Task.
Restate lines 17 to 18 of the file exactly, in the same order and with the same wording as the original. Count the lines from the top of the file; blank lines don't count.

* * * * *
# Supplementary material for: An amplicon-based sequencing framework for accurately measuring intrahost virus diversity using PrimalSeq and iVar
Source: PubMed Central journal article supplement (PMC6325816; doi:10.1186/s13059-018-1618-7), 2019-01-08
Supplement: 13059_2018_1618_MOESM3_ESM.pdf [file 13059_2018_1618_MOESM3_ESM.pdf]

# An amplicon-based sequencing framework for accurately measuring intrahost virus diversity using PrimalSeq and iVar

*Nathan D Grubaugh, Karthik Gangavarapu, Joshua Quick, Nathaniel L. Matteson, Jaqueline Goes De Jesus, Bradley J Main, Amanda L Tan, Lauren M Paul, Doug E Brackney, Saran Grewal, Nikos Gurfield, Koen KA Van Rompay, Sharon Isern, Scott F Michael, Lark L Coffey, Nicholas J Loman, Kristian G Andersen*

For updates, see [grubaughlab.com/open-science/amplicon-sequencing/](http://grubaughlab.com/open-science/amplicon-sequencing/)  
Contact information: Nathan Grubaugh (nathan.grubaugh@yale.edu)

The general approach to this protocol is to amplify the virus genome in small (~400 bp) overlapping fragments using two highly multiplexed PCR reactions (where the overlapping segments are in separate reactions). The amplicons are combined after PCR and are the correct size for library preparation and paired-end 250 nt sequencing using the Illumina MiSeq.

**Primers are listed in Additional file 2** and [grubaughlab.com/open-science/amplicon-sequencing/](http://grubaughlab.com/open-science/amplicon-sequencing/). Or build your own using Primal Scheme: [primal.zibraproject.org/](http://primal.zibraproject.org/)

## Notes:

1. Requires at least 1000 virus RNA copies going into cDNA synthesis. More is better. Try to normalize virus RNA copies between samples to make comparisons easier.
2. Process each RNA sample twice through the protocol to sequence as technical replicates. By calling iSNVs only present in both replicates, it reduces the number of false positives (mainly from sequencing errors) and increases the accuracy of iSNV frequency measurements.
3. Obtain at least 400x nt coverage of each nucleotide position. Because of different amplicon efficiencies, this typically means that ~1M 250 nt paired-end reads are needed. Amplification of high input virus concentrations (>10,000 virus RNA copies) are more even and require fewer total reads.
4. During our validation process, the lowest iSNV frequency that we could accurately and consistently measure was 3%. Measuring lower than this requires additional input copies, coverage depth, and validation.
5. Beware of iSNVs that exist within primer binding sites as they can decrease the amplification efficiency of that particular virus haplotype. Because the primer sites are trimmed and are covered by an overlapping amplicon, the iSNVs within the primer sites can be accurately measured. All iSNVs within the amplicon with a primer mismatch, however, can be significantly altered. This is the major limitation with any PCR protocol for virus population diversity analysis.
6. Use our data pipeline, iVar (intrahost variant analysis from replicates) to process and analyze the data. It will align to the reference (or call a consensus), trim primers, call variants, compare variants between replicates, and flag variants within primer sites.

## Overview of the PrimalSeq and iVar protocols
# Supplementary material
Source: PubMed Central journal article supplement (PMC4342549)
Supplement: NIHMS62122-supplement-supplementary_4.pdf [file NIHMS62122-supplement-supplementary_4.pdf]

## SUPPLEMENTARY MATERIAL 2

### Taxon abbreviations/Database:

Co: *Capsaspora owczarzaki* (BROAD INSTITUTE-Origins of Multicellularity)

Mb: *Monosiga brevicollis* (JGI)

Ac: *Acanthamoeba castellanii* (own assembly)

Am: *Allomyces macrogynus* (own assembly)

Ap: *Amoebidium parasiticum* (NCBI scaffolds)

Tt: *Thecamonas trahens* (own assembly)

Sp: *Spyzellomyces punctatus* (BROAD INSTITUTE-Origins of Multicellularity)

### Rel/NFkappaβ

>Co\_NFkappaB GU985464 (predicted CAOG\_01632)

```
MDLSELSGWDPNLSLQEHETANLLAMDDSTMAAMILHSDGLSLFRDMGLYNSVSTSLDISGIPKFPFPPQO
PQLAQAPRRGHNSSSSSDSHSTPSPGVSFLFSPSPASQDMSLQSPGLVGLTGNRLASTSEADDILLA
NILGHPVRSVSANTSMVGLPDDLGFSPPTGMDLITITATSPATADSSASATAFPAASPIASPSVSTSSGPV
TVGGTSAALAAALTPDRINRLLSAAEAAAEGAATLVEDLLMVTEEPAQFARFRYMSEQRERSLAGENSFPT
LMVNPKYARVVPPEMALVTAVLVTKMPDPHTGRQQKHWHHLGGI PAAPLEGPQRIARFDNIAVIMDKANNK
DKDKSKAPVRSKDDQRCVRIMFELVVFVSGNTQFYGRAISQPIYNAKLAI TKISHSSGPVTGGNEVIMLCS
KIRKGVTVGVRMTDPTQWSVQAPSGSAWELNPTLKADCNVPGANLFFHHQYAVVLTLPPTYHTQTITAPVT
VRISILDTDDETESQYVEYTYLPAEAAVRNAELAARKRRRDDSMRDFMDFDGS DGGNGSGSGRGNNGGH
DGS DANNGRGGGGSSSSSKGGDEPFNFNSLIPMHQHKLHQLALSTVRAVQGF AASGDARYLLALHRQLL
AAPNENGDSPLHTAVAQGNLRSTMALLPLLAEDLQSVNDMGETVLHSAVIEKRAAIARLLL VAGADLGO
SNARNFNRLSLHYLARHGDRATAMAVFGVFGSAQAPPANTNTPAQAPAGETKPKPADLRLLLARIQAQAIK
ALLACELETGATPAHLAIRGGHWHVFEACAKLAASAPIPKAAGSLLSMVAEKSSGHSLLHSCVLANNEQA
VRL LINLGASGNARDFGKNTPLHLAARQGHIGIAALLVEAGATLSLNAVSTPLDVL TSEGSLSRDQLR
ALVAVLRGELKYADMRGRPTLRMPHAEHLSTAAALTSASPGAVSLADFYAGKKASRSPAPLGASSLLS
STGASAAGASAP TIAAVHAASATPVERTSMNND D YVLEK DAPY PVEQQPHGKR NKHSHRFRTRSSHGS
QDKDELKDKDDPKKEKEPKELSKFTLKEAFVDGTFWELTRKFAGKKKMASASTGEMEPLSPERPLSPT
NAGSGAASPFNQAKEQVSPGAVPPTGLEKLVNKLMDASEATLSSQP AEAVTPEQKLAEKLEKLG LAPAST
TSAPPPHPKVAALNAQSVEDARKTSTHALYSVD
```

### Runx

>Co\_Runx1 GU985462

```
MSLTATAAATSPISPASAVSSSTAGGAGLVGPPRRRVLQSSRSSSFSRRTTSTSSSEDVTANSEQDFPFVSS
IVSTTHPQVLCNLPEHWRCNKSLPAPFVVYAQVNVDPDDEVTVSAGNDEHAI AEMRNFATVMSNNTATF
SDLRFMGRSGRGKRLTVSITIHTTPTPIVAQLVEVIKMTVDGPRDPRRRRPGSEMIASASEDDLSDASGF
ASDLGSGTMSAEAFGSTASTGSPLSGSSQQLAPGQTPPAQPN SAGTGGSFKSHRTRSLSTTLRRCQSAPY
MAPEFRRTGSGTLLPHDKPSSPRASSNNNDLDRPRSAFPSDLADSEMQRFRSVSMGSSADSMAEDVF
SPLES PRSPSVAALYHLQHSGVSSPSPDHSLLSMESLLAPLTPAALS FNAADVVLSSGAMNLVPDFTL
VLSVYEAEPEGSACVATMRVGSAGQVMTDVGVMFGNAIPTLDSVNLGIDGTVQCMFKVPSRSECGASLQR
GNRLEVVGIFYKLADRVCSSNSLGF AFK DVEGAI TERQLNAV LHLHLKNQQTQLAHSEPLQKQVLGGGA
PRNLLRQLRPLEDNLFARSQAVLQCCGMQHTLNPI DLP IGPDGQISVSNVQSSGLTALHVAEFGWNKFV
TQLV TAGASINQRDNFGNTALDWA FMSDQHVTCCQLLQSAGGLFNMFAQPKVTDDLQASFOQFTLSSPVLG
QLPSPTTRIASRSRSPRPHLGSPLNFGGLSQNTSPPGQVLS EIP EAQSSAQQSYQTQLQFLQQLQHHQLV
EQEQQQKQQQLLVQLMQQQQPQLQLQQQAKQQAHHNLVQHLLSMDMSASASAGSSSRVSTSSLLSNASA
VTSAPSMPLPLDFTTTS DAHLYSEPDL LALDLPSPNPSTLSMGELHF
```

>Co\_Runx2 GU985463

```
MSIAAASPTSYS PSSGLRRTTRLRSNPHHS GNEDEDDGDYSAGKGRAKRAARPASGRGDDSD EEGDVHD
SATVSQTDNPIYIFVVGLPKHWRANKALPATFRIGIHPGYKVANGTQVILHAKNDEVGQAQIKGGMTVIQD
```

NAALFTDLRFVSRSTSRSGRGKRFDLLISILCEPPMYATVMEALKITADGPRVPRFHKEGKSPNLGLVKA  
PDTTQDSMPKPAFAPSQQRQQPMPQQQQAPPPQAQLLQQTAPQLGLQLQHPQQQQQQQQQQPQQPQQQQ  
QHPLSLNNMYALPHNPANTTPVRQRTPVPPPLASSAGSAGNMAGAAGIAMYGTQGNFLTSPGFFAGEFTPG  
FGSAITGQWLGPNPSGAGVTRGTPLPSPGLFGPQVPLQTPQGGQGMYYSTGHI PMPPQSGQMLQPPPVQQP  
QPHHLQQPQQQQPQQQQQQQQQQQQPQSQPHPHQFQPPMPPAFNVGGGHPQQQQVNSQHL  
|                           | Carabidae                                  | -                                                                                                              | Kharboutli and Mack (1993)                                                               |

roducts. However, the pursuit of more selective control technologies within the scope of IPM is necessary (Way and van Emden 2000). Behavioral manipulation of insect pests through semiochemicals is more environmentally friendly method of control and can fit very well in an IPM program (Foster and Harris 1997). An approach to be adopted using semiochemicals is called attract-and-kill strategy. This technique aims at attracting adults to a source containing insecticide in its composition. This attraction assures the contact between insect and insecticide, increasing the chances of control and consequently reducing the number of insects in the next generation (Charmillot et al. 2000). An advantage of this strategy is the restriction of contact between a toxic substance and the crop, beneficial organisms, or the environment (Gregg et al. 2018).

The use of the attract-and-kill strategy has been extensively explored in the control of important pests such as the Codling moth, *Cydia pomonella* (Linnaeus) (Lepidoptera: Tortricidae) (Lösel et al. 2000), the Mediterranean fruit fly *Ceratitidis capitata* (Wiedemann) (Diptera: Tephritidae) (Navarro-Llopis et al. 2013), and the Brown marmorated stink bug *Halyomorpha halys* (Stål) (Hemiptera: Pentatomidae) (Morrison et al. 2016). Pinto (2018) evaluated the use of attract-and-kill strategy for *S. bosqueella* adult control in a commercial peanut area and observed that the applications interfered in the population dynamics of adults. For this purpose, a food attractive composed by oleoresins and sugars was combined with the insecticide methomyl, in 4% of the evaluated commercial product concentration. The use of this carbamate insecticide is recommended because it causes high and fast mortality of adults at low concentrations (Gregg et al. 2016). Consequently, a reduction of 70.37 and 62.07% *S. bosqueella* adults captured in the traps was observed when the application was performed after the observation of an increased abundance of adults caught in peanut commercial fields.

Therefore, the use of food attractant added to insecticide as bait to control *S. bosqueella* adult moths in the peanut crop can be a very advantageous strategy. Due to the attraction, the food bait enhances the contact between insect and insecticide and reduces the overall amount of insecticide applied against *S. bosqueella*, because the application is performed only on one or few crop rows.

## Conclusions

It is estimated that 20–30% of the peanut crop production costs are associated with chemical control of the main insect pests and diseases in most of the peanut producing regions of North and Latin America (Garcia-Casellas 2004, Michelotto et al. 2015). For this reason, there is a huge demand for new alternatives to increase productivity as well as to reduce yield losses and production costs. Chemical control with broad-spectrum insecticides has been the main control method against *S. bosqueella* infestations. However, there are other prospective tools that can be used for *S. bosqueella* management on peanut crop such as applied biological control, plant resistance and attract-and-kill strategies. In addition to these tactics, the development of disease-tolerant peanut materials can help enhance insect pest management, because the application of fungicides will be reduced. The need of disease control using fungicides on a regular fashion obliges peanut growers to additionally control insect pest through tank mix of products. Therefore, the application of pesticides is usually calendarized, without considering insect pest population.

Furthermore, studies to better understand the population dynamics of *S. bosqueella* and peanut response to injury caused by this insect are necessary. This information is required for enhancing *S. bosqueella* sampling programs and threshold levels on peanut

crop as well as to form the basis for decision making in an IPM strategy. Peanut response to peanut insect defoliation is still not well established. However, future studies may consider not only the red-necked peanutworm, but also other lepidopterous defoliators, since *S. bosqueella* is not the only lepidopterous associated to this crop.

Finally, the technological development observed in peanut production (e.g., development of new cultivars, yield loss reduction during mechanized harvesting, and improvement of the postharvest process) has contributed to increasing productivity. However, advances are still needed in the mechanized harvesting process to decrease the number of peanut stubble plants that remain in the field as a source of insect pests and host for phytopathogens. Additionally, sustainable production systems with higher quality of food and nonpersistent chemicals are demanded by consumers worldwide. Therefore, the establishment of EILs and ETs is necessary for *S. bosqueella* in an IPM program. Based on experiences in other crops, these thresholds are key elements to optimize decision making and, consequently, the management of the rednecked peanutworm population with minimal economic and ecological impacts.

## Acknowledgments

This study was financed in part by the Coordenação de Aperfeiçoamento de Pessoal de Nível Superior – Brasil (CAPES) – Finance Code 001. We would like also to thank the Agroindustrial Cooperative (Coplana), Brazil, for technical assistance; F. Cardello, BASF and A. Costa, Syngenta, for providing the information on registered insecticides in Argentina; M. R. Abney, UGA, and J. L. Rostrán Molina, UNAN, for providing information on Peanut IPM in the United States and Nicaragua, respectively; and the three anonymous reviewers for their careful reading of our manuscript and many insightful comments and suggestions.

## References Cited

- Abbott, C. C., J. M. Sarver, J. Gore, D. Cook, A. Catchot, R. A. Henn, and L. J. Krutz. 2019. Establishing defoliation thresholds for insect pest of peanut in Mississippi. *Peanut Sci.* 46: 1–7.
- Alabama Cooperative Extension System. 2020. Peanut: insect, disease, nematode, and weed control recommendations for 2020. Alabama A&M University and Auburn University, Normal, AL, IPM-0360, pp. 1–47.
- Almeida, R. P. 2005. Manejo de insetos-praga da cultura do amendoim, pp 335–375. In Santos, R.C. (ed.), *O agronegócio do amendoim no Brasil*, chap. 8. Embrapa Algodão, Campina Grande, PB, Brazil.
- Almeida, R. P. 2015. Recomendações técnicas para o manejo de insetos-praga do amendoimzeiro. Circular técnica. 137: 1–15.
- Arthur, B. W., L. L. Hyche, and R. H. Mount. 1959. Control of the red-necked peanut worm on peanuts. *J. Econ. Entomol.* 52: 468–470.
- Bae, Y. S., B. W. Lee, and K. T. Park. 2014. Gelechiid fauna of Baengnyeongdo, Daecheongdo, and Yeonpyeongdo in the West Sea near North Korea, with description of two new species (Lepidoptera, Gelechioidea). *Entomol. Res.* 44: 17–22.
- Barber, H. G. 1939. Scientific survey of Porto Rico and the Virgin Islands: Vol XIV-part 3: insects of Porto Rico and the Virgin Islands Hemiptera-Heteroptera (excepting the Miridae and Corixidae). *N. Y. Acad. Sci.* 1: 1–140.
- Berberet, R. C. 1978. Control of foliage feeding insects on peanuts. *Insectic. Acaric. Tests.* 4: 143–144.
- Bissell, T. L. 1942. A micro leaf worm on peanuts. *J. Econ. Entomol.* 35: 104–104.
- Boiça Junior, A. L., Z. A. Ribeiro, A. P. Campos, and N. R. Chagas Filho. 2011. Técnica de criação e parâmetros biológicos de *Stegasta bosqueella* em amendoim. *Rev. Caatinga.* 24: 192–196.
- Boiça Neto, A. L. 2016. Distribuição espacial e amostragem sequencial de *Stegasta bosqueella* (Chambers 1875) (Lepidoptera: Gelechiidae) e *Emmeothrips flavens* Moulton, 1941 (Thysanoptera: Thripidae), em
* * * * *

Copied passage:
## Overview of the PrimalSeq and iVar protocols
# Supplementary material